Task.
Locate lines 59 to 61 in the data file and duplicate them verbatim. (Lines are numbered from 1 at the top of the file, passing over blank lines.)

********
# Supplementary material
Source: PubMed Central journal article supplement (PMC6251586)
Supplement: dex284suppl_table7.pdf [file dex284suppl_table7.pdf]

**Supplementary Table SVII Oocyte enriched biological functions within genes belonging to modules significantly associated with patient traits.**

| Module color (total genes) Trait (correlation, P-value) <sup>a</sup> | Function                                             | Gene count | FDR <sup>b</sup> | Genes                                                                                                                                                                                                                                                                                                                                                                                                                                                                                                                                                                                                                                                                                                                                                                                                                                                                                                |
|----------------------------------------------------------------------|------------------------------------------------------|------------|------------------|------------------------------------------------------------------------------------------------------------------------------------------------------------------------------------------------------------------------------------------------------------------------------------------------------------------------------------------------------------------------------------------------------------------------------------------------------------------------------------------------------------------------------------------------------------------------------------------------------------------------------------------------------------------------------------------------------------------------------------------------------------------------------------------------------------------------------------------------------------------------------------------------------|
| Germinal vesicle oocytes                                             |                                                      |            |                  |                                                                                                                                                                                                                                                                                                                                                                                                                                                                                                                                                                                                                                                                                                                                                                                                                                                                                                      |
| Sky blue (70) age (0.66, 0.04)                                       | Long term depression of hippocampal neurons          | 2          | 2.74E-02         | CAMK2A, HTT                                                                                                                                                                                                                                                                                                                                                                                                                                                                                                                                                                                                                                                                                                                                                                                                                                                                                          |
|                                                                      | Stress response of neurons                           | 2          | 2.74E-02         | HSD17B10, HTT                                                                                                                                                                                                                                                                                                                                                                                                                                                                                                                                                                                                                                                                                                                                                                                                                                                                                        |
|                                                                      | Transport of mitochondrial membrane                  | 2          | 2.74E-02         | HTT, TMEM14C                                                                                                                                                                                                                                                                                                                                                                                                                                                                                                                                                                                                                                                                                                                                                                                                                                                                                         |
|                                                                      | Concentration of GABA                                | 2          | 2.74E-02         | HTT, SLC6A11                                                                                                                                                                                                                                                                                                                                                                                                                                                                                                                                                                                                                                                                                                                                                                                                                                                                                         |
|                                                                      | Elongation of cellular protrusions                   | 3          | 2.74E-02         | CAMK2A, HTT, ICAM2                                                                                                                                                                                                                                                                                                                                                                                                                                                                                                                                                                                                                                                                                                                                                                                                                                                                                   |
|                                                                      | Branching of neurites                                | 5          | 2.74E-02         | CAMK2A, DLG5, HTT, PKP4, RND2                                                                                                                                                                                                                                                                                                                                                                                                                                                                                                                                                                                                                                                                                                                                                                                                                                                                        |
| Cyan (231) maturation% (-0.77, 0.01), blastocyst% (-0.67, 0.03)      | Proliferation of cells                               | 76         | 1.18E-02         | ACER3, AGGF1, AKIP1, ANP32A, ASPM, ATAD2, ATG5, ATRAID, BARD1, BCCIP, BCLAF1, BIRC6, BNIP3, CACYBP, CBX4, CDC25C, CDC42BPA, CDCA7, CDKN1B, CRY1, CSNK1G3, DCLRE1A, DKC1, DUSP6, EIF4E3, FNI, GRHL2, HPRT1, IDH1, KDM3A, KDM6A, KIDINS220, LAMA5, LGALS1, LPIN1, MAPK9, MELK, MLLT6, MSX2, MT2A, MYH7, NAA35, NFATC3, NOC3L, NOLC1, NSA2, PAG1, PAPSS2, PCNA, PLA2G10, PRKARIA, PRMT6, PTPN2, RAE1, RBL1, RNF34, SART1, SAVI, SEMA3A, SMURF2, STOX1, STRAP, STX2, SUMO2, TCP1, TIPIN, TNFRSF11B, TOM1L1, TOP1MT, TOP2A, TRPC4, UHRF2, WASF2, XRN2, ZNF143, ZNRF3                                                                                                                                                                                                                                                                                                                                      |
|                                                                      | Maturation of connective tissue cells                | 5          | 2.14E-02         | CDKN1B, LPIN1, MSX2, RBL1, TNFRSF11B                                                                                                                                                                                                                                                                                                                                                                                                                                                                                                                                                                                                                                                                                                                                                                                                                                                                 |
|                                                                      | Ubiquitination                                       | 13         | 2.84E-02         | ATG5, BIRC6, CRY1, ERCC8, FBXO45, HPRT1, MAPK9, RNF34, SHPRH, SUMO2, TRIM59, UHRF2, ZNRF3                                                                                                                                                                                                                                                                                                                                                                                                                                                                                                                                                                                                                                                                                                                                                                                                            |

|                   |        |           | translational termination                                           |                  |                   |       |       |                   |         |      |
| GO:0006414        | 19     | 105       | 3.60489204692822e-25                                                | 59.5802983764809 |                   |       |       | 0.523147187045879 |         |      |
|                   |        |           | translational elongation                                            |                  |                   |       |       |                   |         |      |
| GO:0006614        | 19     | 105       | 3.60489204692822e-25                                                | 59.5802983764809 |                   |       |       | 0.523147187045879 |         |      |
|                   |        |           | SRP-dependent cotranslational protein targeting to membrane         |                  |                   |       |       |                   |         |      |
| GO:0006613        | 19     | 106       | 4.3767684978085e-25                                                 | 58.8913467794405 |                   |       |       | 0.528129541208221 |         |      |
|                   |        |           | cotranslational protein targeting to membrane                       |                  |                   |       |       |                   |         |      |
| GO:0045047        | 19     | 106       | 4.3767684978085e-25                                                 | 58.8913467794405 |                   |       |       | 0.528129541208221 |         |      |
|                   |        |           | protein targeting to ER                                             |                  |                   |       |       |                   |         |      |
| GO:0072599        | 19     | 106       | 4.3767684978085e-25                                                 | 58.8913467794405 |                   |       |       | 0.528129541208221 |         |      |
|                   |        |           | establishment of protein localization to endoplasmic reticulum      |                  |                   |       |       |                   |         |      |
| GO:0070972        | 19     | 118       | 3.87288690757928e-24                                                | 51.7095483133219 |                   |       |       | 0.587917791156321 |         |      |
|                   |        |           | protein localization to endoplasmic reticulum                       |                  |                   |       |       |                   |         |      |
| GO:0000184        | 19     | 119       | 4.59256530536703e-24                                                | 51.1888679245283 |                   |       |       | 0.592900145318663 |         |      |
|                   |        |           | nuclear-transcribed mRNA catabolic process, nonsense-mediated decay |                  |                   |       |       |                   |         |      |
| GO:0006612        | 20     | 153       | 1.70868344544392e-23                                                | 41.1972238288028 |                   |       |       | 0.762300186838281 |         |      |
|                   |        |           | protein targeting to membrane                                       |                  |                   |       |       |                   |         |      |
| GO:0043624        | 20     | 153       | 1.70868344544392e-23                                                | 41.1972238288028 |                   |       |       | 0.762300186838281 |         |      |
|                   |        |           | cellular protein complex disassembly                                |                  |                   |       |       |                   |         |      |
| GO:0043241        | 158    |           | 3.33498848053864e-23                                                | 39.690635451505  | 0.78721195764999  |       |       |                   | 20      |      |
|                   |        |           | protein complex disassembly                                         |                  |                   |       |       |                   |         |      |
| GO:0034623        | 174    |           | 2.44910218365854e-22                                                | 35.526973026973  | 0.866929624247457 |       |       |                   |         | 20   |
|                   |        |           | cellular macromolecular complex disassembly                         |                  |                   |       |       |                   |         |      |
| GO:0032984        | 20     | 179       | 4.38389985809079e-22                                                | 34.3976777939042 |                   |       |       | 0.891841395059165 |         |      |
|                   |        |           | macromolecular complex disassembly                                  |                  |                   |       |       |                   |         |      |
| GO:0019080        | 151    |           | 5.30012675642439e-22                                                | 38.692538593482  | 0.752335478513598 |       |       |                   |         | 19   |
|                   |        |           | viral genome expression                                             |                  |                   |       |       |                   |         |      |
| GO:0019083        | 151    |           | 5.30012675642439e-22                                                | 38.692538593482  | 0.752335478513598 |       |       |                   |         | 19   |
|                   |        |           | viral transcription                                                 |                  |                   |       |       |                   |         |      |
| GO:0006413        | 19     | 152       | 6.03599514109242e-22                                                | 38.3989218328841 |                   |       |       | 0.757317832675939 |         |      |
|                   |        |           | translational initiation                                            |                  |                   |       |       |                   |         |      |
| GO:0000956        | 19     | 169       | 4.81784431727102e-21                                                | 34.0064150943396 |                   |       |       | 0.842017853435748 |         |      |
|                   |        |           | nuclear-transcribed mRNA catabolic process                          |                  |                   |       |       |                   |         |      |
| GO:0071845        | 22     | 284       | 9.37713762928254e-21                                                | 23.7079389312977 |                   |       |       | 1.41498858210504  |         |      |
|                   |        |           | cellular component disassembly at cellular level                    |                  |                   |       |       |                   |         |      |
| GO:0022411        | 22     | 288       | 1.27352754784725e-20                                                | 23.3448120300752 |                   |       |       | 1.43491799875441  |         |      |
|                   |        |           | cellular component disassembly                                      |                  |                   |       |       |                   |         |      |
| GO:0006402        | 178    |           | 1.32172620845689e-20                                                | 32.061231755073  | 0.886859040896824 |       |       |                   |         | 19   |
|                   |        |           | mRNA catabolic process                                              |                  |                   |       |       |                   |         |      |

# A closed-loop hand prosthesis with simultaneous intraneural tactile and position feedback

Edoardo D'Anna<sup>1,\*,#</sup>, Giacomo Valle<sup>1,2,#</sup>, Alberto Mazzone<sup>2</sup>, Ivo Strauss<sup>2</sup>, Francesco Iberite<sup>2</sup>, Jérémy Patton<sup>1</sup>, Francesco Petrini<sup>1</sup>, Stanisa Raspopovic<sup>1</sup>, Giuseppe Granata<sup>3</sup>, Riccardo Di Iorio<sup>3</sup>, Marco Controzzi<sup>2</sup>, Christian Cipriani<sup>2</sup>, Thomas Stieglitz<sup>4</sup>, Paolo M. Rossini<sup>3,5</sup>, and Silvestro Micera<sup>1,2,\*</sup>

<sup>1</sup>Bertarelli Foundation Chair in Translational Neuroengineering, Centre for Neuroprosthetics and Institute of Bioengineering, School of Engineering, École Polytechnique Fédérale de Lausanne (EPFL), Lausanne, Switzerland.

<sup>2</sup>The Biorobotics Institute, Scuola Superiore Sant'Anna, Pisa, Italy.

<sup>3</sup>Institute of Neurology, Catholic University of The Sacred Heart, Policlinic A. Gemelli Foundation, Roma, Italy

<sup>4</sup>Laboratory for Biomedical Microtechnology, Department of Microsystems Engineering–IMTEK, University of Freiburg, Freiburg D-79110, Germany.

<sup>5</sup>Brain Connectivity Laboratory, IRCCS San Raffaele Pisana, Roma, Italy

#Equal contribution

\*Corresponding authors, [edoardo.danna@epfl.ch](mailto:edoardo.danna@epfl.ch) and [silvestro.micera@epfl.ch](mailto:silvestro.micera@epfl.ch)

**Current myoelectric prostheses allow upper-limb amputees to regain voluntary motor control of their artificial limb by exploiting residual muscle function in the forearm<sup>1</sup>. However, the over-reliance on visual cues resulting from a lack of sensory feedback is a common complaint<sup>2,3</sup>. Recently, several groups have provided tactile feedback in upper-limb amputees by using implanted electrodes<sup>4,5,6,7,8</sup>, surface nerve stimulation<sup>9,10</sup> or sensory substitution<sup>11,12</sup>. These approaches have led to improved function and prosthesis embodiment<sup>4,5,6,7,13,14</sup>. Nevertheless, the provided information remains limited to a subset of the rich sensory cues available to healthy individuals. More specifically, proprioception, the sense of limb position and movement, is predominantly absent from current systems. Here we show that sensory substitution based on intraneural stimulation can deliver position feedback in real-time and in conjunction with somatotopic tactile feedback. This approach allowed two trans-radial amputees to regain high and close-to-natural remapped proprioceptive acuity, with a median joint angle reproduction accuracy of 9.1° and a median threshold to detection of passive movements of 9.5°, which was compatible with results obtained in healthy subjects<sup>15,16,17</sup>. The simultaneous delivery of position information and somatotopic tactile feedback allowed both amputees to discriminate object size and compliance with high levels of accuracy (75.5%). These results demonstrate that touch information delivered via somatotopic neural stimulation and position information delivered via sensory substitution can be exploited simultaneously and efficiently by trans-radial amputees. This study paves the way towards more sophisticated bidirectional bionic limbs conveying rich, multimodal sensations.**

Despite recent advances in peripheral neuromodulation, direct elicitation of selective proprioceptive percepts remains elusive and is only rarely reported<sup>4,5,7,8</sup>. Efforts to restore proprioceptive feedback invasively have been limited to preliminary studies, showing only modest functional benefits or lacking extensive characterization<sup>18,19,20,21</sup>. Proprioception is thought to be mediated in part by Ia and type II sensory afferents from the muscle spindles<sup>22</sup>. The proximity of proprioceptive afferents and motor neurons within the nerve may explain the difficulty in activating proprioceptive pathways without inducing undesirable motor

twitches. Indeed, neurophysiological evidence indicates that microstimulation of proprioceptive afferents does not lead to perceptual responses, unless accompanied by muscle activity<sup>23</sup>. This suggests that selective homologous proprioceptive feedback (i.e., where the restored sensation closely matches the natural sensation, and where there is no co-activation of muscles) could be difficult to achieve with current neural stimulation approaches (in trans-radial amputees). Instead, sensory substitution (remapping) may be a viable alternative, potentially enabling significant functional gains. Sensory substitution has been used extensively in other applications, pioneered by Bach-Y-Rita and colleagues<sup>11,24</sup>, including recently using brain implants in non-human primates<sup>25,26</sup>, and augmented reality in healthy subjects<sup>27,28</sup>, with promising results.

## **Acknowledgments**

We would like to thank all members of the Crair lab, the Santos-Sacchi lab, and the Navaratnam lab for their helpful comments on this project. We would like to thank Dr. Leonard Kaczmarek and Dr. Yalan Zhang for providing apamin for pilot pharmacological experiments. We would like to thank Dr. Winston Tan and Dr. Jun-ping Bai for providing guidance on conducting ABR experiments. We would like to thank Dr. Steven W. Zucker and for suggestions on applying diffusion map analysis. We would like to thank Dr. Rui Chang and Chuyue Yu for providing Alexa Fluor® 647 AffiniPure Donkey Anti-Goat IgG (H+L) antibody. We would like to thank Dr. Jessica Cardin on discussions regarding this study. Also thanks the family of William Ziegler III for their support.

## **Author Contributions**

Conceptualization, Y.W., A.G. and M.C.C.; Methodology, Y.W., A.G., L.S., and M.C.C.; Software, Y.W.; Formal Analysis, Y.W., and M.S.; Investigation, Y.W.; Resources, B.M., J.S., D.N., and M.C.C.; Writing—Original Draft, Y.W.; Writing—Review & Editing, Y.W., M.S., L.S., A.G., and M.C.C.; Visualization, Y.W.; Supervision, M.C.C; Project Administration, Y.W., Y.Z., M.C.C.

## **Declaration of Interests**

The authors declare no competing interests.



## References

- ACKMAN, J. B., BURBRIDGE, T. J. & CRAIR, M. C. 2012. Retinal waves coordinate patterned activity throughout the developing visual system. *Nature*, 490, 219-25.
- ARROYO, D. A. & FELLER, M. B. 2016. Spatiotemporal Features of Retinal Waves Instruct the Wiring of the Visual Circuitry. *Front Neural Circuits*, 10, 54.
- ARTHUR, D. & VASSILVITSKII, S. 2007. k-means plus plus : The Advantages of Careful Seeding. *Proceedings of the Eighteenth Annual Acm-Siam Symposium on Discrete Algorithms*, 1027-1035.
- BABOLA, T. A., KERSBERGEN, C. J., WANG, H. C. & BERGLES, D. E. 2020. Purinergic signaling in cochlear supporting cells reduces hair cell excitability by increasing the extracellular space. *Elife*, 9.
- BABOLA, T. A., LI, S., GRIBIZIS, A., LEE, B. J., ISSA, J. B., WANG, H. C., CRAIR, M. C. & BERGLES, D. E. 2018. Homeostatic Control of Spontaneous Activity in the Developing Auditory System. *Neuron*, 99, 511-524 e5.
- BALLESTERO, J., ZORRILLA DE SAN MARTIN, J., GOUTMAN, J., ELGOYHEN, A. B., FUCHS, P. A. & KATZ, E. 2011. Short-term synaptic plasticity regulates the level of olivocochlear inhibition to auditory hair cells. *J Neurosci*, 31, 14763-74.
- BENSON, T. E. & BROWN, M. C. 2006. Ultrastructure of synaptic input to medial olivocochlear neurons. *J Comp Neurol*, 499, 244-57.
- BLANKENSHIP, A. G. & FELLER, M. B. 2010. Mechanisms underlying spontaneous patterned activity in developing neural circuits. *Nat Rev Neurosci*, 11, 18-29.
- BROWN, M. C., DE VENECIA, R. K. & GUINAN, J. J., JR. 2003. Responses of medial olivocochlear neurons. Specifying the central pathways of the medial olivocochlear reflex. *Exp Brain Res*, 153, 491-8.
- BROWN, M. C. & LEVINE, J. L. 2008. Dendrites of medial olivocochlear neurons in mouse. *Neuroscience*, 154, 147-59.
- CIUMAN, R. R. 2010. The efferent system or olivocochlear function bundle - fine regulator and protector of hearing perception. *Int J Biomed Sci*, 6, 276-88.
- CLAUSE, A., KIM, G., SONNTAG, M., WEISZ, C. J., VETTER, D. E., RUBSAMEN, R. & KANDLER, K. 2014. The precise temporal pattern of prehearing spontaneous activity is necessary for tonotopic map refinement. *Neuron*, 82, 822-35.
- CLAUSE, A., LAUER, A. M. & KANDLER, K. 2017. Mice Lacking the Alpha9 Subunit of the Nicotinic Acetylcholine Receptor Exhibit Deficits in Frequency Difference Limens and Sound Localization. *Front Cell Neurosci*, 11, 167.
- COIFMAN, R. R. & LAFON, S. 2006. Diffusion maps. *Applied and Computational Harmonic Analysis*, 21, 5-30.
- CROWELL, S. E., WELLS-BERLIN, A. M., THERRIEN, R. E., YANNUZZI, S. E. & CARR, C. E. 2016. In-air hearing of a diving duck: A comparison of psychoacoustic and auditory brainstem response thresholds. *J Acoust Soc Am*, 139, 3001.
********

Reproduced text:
<sup>2</sup>The Biorobotics Institute, Scuola Superiore Sant'Anna, Pisa, Italy.

<sup>3</sup>Institute of Neurology, Catholic University of The Sacred Heart, Policlinic A. Gemelli Foundation, Roma, Italy

<sup>4</sup>Laboratory for Biomedical Microtechnology, Department of Microsystems Engineering–IMTEK, University of Freiburg, Freiburg D-79110, Germany.